Far too many people claim that their objections are based on their religious beliefs. But let’s face it: in the United States, “religious beliefs” usually means Christianity. And all too often, Christianity means fundamentalist, Bible-pounding, hell-fire-and-brimstone interpretations of the Bible, for which there is no Biblical justification. I maintain that the Bible and software EULAs (End User License Agreements) have this in common: nobody ever reads the whole thing; they just scroll down to the bottom and click on “I AGREE.”

“But the United States is a Christian nation!” “The United States was founded on Christian principles.” I’m sorry to rain on your parade, but these claims demonstrate a complete lack of knowledge of United States history. I won’t go into details here, but instead suggest you Google® “Treaty of Tripoli,” or “Deism and the Founding Fathers” and educate yourself on the facts.

I have no problems with your religious beliefs just so long as they don’t trample my individual rights. As my father (the retired evangelical Lutheran minister) was fond of repeating, “Your rights end where my nose begins.” Pithy, but apt.

For centuries, religionists have cited scripture to justify enslaving, torturing, burning, and otherwise oppressing other people; when they were called to account for it, they screamed “You’re oppressing me! Religious freedom!”

For the longest time in the United States, the Bible was used to justify slavery. But fortunately, the bedrock of our legal system is NOT the Bible but rather the United States Constitution—imperfect as it is. When people are sworn into public office, they place their hands on a Bible or Koran or some other religious document and swear to uphold the Constitution; they don’t place their hands on the Constitution and swear to uphold scripture.

Gays Want Special Rights

Here’s a partial list of legal rights that heterosexuals have, that are denied to the gay population:

  1. Have legal equal employment: according to a Federal law, lesbians, gays, bisexuals, and transgenders (LGBTs) are not protected against workplace discrimination on the basis of sexual orientation in the private sector.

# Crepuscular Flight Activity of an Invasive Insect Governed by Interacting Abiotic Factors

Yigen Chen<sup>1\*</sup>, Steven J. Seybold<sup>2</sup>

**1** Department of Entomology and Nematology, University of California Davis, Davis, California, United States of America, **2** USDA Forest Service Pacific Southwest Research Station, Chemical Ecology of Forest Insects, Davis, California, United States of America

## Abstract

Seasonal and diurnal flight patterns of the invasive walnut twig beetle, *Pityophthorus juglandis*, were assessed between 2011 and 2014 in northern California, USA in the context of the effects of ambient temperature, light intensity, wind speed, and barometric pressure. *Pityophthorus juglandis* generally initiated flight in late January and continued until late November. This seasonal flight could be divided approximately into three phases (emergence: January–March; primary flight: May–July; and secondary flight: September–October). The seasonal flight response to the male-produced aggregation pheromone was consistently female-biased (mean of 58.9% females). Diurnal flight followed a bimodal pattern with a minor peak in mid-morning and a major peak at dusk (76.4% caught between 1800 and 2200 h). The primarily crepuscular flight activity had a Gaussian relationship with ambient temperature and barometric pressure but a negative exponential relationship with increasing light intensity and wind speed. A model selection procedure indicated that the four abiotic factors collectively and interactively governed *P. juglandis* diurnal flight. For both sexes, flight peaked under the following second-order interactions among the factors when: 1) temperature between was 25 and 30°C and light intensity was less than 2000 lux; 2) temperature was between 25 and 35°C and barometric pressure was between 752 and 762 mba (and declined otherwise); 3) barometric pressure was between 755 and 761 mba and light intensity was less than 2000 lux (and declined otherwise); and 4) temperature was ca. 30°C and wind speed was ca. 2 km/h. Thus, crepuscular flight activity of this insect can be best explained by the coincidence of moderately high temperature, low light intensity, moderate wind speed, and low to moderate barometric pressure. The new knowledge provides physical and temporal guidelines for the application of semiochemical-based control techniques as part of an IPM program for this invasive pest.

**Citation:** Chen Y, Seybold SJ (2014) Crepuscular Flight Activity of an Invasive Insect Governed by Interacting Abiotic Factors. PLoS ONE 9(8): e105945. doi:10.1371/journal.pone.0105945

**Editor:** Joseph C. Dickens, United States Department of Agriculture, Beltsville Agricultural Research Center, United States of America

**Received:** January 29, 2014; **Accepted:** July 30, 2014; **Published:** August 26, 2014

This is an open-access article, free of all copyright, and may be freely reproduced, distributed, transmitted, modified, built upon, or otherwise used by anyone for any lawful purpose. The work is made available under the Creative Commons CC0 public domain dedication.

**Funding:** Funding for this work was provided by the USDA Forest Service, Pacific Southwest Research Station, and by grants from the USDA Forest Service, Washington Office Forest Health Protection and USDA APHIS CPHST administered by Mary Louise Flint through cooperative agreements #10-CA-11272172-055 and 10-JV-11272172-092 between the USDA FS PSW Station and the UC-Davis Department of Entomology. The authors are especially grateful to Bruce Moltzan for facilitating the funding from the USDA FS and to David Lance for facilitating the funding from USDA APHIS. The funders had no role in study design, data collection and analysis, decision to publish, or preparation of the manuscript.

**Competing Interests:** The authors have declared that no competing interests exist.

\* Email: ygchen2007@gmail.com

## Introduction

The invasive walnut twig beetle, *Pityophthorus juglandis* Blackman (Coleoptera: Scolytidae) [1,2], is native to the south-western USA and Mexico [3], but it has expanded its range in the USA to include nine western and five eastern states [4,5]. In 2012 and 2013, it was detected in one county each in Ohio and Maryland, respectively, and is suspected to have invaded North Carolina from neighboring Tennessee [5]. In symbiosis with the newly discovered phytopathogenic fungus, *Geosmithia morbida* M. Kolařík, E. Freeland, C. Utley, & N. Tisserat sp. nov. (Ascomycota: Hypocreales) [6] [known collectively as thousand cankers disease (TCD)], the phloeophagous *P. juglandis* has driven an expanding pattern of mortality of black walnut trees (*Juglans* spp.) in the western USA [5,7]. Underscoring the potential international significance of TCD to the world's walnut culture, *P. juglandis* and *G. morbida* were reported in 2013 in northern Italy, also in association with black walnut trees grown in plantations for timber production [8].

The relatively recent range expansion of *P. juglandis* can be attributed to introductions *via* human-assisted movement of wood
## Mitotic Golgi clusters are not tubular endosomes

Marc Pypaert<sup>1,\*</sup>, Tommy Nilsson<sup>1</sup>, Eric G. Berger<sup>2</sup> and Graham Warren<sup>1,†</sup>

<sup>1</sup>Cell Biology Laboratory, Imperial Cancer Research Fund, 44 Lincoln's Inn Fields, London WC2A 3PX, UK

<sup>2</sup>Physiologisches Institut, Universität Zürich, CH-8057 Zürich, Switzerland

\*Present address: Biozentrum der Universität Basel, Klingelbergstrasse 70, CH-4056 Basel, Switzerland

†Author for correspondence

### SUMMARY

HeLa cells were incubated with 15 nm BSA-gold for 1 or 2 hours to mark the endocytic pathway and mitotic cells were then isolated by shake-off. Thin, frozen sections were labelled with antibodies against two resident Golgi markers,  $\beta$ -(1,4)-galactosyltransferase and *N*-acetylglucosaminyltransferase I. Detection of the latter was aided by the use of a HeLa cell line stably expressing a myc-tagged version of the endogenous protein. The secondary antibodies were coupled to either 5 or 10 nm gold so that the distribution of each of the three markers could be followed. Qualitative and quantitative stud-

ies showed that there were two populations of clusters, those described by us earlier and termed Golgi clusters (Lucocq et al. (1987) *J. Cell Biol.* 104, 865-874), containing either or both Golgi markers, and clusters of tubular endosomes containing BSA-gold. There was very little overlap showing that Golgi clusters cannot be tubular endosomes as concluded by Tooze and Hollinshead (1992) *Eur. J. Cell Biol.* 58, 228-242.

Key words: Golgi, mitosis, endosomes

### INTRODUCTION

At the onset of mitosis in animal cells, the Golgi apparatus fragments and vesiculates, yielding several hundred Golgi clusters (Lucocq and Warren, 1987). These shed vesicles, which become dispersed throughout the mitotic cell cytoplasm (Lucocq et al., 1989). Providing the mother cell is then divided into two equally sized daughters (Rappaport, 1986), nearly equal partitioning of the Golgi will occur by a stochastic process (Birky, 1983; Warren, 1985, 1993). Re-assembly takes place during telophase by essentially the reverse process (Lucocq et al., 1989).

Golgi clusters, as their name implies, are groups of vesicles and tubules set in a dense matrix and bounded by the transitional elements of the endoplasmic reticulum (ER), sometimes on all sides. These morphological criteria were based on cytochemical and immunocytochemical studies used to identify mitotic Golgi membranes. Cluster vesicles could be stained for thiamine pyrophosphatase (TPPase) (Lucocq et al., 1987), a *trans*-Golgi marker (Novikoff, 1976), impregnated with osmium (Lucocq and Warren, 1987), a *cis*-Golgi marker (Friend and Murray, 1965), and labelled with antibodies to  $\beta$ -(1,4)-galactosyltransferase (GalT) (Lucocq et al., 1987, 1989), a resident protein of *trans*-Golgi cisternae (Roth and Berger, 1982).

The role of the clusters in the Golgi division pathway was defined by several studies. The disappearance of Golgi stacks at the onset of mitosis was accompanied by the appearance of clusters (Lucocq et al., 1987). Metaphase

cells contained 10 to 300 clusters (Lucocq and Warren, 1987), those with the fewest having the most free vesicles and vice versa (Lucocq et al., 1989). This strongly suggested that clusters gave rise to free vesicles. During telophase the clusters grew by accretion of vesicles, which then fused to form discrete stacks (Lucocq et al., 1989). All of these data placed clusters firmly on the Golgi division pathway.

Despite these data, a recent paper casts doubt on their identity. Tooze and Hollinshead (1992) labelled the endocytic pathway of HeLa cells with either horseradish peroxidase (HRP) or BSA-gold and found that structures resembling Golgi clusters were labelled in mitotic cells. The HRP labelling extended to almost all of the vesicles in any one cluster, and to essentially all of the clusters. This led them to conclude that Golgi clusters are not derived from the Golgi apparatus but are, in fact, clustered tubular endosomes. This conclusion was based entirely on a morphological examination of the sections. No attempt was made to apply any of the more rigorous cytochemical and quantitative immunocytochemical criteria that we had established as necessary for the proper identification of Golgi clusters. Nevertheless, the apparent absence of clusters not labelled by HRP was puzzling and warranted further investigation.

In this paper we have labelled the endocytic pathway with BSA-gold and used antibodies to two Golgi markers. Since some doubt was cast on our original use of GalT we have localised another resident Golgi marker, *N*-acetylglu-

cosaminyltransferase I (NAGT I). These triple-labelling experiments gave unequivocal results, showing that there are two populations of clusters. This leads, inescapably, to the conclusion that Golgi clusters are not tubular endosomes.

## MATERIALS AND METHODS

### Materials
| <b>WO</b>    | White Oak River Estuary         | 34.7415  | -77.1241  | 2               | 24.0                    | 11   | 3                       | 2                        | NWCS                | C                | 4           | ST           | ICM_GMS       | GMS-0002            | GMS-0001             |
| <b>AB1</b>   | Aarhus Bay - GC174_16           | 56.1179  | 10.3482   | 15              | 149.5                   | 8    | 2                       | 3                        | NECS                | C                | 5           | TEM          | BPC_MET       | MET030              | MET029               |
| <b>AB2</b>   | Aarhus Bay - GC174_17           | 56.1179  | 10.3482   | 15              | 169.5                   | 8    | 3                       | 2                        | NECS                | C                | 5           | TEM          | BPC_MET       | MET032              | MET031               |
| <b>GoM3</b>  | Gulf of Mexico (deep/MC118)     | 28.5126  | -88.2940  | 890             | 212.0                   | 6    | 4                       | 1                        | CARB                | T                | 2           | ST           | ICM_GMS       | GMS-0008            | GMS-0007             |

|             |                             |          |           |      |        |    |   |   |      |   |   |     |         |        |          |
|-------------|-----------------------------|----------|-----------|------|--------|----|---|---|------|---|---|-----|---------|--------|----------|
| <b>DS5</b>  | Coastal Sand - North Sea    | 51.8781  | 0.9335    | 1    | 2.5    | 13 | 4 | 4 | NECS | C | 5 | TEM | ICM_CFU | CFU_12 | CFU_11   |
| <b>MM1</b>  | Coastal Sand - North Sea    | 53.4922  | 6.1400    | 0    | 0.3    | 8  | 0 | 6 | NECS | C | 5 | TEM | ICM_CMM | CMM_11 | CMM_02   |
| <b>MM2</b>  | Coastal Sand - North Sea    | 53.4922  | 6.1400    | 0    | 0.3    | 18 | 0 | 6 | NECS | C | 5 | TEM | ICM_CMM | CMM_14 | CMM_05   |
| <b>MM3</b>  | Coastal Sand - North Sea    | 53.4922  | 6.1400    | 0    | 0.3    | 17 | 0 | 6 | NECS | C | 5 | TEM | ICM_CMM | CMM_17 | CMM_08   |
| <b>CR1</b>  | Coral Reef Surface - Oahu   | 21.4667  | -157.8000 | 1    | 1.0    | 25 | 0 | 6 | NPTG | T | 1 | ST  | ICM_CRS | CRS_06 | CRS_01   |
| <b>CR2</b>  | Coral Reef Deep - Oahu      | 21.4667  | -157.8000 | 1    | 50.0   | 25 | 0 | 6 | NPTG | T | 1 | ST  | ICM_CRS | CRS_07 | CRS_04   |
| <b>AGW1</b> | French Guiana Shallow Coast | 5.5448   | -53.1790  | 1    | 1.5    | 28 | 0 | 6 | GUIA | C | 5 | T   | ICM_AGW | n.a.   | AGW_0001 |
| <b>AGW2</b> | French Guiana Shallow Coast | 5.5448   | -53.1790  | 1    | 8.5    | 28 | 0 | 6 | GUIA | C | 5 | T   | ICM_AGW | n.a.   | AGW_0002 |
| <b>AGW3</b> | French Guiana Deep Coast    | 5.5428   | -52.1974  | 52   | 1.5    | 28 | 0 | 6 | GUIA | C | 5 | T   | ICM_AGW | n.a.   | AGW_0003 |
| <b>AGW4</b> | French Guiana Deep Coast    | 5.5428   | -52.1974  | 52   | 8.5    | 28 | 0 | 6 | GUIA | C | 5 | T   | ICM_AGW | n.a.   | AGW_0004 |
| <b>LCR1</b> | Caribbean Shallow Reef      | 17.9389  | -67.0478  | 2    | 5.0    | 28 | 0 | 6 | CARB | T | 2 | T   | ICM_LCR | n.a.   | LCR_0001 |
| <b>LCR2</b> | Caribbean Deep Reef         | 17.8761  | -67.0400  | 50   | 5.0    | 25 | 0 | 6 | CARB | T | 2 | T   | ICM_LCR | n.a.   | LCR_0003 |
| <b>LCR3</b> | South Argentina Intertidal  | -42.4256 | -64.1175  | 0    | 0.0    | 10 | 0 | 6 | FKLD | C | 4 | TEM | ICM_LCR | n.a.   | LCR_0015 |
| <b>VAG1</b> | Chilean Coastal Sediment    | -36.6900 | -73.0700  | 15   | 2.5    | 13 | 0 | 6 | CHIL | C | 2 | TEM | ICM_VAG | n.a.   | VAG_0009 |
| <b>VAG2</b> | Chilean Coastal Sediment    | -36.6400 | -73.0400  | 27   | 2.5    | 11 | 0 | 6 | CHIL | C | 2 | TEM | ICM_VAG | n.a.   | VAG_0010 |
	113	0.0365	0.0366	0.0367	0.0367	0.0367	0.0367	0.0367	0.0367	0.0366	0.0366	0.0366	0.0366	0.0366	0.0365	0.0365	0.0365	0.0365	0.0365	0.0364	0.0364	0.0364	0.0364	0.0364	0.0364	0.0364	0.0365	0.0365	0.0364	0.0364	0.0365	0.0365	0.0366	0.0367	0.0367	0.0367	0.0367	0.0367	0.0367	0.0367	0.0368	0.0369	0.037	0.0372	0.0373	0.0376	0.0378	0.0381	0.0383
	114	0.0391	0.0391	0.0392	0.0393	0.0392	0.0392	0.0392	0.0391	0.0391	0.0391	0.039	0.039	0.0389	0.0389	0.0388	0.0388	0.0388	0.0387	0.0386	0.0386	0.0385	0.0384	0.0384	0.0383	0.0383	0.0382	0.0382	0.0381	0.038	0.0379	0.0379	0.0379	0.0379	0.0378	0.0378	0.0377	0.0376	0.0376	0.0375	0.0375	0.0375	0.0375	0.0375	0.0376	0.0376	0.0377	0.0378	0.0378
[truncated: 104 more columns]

2. Donate blood.
  3. In many states, we can’t adopt
  4. Be safe from educational discrimination based on sexual orientation
  5. Live in certain communities: the Fair Housing Act lends no protection to LBGTs when purchasing, renting, or leasing a home on the basis of sexual orientation.
  6. Be Boy Scout leaders (although this is slowly changing)
  7. Trans folk are still forbidding from serving in the military

If someone would explain to me how wanting the same rights as everyone else amounts to wanting “special rights,” I’d certainly appreciate it.

Gays Are Redefining Marriage

‘Nuff said.

POINT: Marriage Is a Civil, Not a Religious Union

Yes, there are many religious ceremonies used to solemnize marriages. But consider: where do you go to obtain your marriage license? You go to your county clerk, and have the license issued by the government. That’s because the government considers marriage a civil arrangement, not a religious one.

And rather than complain that gay marriage threatens your religion, there is no law, statute, regulation or court decision requiring any religious person to perform, officiate over, or otherwise participate in a same-sex marriage. Yesterday’s SCOTUS decision doesn’t change that fact. If same-sex marriage is against your religion, nothing requires you to change your beliefs. All it does is prevents you from denying my right to marry whomever I wish.

In Conclusion

Marriage equality (same-sex marriage [or, as I like to call it, “marriage]) is now the law of the land, and while that is a significant historic victory, we still have a long was to go on our march to what the Constitution promises us: Equal rights under the law.

A promise that for far too many of us still remains unfulfilled.

Leave a Comment

Filed under justice, marriage equality, religion